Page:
Sending Christmas cards, it seems, is a dying occupation. We're sending fewer and fewer cards each year. According to a survey by Saga magazine, half of Britons over the age of 50 plan to cut the number of cards they send this year because of the cost of stamps, and the average number of cards sent per person will fall by a quarter, from 38 last year to 28 this year. Given that there are 21 million people over the age of 50 in the UK, the total number of cards sent this Christmas could slump by 210 million.
It's not just the stamps. Cards generally are too expensive, and many people feel that sending all that paper is environmentally wrong.
It's all a far cry from the days, before the Christmas card industry took over, when we used actually to make our own. My parents, being arty types themselves and both working at the Royal College of Art in the Sixties, had always kept the Christmas cards they'd received from similarly arty friends, nearly all of whom made their own cards. Sometimes they'd be woodcuts or linocuts or block prints, but sometimes they'd be meticulously hand-drawn affairs, painstakingly coloured in, card by card. It became quite competitive, each artist wanting to score over the other with the cunning simplicity of the design or intricate foldings, or the humour of the cartoons or caricatures.
Making Christmas cards was quite an industry in our household, and at the beginning of every December my father would start designing yet another new card to send out to all their friends. I, too, was encouraged to make my own cards, and I'm glad to say all of mine have been carefully kept in the huge Christmas card album that I've now inherited, from which examples are shown on these pages. Throughout the year I'd collect ideas, bits of doilies, bits of ribbon, Victorian scraps and pieces of card and then, come December, I would cut and stick, colour, paint, fold and draw, carefully making sure that each card was absolutely right and perfectly made. They were a pleasure to construct and, I hope, a pleasure to receive.
But the last time I made a card was about five years ago. I bought a rubber stamp of a Christmas tree, a silver ink pad, some black paper, tore a Christmas carol sheet into strips, carefully arranged the lot and, with a silver star added, they looked quite the Ben Nicholson.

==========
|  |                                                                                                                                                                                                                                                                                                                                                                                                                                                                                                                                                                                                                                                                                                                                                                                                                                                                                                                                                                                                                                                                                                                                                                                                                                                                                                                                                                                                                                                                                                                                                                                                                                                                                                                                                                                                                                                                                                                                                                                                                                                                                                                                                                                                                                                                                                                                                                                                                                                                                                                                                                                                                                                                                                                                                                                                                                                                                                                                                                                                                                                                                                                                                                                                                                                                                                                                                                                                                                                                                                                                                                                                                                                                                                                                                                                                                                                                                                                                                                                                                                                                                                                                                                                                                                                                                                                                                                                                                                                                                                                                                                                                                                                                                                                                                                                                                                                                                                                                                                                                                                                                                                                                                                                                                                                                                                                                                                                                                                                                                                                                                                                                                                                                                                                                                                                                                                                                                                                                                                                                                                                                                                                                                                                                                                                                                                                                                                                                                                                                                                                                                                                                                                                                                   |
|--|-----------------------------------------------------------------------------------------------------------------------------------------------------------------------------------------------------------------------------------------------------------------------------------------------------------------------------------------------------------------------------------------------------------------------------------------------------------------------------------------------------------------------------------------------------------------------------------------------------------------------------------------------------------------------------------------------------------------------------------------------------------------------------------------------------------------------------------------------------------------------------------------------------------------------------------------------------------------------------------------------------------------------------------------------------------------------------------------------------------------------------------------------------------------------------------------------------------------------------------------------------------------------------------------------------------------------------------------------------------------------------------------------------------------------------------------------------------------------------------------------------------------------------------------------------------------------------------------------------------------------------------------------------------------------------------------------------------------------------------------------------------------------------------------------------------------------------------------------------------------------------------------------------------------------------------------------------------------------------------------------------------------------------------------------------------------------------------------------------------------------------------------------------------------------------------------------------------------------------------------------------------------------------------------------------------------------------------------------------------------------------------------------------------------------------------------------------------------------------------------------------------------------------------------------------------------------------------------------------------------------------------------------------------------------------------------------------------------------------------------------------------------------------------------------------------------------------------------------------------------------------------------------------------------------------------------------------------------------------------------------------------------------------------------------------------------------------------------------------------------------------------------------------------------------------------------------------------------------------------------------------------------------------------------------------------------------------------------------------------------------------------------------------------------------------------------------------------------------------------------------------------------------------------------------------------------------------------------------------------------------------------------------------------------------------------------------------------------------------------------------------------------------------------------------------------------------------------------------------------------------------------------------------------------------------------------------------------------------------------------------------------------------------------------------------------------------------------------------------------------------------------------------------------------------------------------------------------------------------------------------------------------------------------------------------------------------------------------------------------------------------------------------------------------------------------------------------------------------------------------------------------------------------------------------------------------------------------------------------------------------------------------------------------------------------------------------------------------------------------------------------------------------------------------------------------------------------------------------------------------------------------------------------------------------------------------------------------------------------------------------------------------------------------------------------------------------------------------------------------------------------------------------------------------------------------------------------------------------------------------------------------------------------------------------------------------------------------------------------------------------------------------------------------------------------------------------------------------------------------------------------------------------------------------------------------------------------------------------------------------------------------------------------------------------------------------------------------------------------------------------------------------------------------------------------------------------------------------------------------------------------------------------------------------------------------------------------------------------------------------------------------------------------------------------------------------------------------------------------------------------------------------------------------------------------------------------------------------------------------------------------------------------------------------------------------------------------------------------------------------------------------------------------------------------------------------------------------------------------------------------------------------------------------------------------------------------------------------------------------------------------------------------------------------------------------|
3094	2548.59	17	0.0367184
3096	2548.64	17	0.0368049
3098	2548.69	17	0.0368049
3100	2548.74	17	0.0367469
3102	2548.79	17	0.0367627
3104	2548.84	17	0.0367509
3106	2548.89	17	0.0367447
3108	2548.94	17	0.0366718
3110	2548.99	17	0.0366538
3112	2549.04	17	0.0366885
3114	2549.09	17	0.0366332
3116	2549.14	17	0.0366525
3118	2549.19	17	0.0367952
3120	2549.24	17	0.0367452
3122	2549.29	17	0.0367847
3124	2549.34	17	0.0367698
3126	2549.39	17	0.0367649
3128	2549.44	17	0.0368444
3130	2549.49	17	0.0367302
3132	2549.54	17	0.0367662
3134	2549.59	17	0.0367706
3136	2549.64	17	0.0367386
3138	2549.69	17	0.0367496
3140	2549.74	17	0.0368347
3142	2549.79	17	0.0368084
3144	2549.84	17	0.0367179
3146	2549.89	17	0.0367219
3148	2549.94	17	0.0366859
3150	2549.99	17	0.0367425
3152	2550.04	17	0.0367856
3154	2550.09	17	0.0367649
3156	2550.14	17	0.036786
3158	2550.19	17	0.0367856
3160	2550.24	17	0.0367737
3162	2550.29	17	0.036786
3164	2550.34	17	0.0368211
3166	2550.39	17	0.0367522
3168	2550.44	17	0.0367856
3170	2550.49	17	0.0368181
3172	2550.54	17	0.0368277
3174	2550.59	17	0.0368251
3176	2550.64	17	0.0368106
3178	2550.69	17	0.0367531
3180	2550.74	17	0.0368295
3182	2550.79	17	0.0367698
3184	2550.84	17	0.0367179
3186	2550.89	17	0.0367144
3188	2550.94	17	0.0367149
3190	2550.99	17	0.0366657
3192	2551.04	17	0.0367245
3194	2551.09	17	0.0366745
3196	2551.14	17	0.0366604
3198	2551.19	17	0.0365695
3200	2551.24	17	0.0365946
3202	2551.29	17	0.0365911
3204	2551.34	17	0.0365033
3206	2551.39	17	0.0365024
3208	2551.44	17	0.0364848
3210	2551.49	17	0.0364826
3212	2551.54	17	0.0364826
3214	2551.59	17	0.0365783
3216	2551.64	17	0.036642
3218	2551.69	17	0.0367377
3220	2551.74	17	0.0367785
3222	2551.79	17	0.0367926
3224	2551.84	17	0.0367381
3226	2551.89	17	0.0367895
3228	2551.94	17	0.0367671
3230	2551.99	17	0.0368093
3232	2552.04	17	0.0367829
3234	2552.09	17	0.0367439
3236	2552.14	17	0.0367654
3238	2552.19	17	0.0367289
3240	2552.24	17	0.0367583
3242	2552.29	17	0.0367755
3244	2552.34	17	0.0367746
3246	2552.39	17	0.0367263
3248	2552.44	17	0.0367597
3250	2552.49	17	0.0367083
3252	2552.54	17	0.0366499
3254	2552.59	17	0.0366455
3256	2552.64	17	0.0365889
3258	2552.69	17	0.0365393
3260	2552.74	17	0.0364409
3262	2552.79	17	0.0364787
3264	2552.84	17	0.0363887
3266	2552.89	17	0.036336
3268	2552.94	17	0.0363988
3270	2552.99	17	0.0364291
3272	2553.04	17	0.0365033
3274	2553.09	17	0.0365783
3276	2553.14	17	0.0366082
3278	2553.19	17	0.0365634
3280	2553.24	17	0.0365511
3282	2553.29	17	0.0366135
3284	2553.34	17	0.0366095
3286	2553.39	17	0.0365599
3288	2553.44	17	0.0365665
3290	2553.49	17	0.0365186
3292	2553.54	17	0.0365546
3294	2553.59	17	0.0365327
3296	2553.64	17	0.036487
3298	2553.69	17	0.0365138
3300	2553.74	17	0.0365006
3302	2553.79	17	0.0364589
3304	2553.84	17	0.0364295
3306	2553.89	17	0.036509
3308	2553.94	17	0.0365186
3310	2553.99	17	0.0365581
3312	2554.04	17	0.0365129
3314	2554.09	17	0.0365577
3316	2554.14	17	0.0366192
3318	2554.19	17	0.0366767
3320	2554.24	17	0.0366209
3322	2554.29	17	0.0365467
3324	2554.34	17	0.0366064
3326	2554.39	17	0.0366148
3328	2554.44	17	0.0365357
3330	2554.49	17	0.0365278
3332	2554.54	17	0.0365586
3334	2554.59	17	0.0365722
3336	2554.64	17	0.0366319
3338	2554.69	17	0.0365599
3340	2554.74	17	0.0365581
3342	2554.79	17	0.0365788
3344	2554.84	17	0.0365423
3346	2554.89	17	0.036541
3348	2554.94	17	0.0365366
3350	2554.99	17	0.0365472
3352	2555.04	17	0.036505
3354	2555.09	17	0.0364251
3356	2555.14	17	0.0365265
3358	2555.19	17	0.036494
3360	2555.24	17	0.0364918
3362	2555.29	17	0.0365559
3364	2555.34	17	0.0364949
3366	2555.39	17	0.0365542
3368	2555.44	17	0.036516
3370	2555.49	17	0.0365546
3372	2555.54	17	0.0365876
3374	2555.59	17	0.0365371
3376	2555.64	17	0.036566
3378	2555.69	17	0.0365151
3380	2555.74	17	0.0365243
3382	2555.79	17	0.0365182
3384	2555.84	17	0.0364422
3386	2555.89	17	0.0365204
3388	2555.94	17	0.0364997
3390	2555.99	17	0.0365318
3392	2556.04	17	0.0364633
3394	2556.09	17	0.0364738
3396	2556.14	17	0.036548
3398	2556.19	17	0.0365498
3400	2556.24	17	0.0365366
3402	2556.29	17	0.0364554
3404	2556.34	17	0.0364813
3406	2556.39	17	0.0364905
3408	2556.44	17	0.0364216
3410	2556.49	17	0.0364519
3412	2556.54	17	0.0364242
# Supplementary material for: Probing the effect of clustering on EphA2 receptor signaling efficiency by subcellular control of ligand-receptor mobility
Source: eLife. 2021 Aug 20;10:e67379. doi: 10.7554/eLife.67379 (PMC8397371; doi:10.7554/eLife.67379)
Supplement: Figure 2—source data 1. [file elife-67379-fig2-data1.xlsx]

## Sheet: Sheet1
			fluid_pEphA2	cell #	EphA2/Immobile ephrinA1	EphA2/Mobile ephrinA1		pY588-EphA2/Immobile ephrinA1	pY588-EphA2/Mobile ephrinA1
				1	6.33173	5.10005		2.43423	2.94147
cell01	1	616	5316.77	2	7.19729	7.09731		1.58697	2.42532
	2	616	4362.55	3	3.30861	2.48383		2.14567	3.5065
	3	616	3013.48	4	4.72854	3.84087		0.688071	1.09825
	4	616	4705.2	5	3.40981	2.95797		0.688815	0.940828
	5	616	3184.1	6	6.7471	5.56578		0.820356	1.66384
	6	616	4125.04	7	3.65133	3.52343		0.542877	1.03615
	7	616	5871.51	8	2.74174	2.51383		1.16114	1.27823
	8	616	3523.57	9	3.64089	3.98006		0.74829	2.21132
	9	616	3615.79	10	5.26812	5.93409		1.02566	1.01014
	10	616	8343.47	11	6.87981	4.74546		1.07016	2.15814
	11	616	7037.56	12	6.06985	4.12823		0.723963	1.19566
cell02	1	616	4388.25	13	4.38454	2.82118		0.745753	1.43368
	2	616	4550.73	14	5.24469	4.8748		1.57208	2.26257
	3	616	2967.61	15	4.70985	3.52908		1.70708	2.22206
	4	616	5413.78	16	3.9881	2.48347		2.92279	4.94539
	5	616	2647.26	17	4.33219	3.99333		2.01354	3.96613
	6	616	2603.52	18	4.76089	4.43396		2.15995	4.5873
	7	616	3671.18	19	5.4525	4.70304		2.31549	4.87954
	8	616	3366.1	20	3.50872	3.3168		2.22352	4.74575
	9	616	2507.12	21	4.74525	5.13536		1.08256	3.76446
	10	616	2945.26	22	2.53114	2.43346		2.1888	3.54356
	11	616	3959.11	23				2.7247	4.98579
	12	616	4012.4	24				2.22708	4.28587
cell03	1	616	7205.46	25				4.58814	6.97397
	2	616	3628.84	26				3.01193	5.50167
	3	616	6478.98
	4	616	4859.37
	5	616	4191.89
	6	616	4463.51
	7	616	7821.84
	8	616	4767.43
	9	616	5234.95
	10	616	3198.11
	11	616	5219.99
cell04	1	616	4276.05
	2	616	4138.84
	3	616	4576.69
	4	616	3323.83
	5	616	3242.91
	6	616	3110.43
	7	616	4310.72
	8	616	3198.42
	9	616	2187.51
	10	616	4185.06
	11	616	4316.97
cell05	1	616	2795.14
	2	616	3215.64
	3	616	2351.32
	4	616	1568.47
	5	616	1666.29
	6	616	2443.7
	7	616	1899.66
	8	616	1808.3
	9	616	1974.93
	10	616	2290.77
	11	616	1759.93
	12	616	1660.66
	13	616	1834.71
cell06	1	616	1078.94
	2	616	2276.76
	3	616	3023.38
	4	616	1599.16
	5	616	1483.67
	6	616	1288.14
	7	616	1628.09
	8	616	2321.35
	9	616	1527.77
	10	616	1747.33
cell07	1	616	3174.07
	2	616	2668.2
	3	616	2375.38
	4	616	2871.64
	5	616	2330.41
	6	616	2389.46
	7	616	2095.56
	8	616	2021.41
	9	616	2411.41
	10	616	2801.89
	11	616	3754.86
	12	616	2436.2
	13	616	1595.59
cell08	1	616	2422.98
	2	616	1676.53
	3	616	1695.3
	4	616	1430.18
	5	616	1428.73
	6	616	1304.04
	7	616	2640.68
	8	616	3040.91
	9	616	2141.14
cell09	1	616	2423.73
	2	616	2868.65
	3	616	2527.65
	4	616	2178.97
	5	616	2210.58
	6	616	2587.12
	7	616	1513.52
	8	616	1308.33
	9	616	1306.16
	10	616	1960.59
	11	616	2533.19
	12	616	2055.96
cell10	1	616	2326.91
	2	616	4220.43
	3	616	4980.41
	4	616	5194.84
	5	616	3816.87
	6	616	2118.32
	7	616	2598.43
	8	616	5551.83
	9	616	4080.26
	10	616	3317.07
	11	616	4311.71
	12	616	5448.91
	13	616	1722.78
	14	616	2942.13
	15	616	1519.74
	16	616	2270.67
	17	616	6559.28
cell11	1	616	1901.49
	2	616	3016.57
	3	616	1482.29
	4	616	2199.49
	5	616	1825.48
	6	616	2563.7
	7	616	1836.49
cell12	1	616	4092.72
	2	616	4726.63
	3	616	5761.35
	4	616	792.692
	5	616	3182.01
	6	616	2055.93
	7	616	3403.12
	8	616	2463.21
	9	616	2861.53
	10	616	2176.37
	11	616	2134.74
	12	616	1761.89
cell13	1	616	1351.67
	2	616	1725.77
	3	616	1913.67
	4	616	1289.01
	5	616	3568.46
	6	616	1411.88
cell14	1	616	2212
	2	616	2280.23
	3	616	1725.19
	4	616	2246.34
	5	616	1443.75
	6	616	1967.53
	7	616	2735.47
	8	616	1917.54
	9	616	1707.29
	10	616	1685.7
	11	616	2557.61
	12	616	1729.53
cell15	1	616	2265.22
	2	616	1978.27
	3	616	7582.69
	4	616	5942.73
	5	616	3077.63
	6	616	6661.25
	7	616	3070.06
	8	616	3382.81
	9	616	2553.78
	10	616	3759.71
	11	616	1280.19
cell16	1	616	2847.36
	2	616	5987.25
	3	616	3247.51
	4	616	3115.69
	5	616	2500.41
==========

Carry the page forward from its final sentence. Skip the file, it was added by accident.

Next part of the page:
But now, to be honest, I just can't be fagged any more. It's partly because no one else is prepared to take the trouble, but mainly it's because I'm so dispirited in the face of the cards I receive from friends. They often buy hideous cards, bought in bulk from charities – charities that I have no interest in – and some of them are so fliply signed they're illegible. A squiggle is all I receive or, worse still, the tantalising 'Anne – we must catch up soon!' when I've got no idea which particular 'Anne' it is.
A financial company now sends me an email each year which lets me know that they're not sending Christmas cards this year but instead sending money to their favourite charities (note 'their' favourite charities. Not necessarily mine, by any means. I really don't know why they bother to tell me).
Other friends have taken simply to sending group email greetings with an accompanying jpeg of bells, snow and robins. No use to man or beast. Straight into my 'Deleted' folder.
I would continue making my own cards if only other people did, too. But last year only one person sent me a homemade card (Nicola Casson, the daughter of Hugh Casson, whose 1951 card to my parents is shown above). It showed care, love and genuine warmth.
And actually, I've become so jaded I've stopped sending cards altogether. I'm afraid to say I now keep all the cards I receive in a basket in the hall and only send one back if I feel the person who sent it would be really upset if I didn't.
And yet, revisiting my parents' old album, I have to say I still hanker after a real old-fashioned Christmas card, both making and receiving one. Perhaps next year…?